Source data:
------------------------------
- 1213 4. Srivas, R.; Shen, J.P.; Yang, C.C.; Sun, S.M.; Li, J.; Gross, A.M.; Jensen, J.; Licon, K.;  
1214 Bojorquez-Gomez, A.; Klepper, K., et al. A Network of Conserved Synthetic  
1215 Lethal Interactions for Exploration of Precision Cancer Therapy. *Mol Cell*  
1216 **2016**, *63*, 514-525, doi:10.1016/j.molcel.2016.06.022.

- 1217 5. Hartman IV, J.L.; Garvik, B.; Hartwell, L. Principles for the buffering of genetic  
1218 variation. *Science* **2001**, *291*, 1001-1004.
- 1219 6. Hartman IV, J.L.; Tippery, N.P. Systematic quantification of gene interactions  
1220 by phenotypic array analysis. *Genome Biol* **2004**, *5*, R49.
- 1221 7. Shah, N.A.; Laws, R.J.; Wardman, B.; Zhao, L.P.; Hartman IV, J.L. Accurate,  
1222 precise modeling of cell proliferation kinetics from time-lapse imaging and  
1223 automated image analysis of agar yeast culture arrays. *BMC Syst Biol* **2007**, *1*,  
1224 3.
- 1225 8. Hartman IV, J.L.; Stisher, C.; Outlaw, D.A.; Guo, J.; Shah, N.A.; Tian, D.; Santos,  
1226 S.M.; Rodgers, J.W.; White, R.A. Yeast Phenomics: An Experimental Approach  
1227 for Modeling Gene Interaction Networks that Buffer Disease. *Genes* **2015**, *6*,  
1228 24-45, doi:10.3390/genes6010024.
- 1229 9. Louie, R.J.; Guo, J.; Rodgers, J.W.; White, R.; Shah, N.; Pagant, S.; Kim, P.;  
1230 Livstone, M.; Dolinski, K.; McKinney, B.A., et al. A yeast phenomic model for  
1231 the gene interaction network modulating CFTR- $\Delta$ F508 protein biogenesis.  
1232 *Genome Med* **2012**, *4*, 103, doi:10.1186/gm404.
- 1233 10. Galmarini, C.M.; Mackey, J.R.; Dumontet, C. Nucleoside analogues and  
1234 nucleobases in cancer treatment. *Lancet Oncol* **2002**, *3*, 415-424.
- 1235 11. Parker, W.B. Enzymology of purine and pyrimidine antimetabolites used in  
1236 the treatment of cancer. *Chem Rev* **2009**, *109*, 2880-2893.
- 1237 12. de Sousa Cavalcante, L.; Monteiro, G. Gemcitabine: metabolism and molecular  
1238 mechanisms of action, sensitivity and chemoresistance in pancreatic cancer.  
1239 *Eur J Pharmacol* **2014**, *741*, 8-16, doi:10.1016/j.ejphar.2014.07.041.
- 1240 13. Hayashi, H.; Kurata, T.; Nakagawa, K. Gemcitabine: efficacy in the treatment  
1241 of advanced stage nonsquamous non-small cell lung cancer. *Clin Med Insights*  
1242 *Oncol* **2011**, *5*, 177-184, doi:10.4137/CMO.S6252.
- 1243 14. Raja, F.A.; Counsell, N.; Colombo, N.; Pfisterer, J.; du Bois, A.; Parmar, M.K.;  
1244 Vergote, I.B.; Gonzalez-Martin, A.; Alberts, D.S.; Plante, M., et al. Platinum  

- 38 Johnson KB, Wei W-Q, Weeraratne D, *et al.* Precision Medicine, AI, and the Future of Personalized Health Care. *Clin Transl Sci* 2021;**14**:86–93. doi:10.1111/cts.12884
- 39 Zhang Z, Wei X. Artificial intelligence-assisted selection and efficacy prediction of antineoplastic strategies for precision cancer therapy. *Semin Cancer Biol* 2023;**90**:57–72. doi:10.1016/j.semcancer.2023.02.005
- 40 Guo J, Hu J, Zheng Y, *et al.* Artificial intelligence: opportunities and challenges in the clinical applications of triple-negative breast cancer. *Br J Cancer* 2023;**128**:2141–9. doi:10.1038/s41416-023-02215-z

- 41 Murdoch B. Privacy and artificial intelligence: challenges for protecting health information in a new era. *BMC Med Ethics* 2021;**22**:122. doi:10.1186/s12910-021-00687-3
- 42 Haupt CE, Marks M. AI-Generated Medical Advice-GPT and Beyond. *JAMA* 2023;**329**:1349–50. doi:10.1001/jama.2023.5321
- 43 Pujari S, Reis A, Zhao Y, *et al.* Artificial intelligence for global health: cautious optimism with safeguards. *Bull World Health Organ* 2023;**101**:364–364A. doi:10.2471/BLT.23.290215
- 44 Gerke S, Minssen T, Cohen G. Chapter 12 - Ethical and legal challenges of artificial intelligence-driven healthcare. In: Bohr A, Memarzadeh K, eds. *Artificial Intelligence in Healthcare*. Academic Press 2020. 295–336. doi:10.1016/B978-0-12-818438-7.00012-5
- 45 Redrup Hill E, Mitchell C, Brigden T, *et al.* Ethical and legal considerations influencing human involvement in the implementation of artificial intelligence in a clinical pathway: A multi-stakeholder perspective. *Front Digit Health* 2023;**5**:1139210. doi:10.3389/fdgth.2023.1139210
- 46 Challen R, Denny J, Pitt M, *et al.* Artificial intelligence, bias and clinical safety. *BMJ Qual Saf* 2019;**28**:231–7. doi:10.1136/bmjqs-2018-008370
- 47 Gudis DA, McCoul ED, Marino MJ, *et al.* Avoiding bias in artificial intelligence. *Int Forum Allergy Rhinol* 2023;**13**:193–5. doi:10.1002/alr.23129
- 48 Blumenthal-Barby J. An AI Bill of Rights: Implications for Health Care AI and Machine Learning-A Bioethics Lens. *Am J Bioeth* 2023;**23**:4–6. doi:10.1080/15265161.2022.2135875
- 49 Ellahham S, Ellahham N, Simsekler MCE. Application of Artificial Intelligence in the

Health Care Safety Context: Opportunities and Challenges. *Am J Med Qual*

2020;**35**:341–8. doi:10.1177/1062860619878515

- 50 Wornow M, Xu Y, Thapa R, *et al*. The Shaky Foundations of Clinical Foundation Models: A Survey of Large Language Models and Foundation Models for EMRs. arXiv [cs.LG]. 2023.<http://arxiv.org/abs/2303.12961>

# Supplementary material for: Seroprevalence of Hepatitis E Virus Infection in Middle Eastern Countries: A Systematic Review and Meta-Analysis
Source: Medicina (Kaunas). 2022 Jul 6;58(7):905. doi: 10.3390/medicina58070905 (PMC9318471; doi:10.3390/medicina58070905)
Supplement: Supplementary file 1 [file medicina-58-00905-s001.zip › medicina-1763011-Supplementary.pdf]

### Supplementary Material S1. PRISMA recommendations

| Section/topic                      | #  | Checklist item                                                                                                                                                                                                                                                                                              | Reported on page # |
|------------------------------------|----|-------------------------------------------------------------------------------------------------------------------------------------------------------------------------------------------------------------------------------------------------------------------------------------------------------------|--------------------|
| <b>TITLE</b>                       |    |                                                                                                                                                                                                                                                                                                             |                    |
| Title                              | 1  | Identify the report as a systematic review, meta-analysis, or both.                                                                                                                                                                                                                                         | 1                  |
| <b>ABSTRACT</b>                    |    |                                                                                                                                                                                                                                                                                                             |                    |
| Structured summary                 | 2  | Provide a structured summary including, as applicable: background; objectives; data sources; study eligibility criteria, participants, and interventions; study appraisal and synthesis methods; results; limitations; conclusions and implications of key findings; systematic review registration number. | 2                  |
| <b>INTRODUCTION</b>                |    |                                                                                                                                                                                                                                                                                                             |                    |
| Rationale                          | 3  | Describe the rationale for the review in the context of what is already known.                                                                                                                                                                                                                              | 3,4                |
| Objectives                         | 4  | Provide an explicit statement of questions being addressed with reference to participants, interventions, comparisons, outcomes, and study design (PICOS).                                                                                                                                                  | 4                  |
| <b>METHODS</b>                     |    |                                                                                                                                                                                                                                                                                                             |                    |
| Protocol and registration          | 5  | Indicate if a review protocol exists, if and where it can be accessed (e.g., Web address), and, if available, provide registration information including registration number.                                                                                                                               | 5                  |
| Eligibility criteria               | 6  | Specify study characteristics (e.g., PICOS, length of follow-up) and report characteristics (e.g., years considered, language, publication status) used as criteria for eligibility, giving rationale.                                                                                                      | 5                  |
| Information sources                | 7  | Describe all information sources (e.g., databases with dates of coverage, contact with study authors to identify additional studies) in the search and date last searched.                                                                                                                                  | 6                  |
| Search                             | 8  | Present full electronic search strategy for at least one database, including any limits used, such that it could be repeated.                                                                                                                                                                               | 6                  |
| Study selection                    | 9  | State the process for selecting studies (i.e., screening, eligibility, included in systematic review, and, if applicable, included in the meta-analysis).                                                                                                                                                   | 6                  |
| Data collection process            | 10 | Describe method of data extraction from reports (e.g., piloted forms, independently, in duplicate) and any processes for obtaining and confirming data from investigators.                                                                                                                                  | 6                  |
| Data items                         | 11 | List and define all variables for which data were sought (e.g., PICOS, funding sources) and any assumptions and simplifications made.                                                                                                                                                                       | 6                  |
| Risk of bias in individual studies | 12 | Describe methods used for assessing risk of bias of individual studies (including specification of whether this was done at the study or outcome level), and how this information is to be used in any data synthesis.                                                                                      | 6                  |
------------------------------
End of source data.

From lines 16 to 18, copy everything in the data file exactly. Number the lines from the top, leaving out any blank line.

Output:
1228 24-45, doi:10.3390/genes6010024.
- 1229 9. Louie, R.J.; Guo, J.; Rodgers, J.W.; White, R.; Shah, N.; Pagant, S.; Kim, P.;  
1230 Livstone, M.; Dolinski, K.; McKinney, B.A., et al. A yeast phenomic model for  